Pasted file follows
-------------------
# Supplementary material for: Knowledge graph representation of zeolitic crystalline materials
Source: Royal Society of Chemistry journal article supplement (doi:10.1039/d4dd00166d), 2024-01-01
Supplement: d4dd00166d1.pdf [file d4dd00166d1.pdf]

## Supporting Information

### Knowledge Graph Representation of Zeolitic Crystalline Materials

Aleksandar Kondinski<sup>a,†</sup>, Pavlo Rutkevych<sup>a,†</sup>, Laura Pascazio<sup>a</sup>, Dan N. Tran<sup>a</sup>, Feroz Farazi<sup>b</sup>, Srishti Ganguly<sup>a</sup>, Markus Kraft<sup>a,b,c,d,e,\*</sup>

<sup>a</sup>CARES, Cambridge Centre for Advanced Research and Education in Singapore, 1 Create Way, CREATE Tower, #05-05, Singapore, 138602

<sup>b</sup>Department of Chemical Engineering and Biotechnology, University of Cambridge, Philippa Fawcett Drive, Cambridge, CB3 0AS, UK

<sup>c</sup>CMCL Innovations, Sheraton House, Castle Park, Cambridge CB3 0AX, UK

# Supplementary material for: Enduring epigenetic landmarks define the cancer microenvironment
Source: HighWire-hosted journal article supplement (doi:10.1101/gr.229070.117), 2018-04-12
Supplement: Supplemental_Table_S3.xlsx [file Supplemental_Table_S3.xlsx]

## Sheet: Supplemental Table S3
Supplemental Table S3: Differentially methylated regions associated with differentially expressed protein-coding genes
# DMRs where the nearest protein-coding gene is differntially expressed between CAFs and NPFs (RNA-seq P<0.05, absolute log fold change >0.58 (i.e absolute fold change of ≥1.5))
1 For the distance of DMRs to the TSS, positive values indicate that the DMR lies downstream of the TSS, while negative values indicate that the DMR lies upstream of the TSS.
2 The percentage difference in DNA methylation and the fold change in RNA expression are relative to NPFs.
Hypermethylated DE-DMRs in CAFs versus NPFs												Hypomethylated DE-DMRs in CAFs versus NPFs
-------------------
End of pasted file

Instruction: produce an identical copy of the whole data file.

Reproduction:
# Supplementary material for: Knowledge graph representation of zeolitic crystalline materials
Source: Royal Society of Chemistry journal article supplement (doi:10.1039/d4dd00166d), 2024-01-01
Supplement: d4dd00166d1.pdf [file d4dd00166d1.pdf]

## Supporting Information

### Knowledge Graph Representation of Zeolitic Crystalline Materials

Aleksandar Kondinski<sup>a,†</sup>, Pavlo Rutkevych<sup>a,†</sup>, Laura Pascazio<sup>a</sup>, Dan N. Tran<sup>a</sup>, Feroz Farazi<sup>b</sup>, Srishti Ganguly<sup>a</sup>, Markus Kraft<sup>a,b,c,d,e,\*</sup>

<sup>a</sup>CARES, Cambridge Centre for Advanced Research and Education in Singapore, 1 Create Way, CREATE Tower, #05-05, Singapore, 138602

<sup>b</sup>Department of Chemical Engineering and Biotechnology, University of Cambridge, Philippa Fawcett Drive, Cambridge, CB3 0AS, UK

<sup>c</sup>CMCL Innovations, Sheraton House, Castle Park, Cambridge CB3 0AX, UK

# Supplementary material for: Enduring epigenetic landmarks define the cancer microenvironment
Source: HighWire-hosted journal article supplement (doi:10.1101/gr.229070.117), 2018-04-12
Supplement: Supplemental_Table_S3.xlsx [file Supplemental_Table_S3.xlsx]

## Sheet: Supplemental Table S3
Supplemental Table S3: Differentially methylated regions associated with differentially expressed protein-coding genes
# DMRs where the nearest protein-coding gene is differntially expressed between CAFs and NPFs (RNA-seq P<0.05, absolute log fold change >0.58 (i.e absolute fold change of ≥1.5))
1 For the distance of DMRs to the TSS, positive values indicate that the DMR lies downstream of the TSS, while negative values indicate that the DMR lies upstream of the TSS.
2 The percentage difference in DNA methylation and the fold change in RNA expression are relative to NPFs.
Hypermethylated DE-DMRs in CAFs versus NPFs												Hypomethylated DE-DMRs in CAFs versus NPFs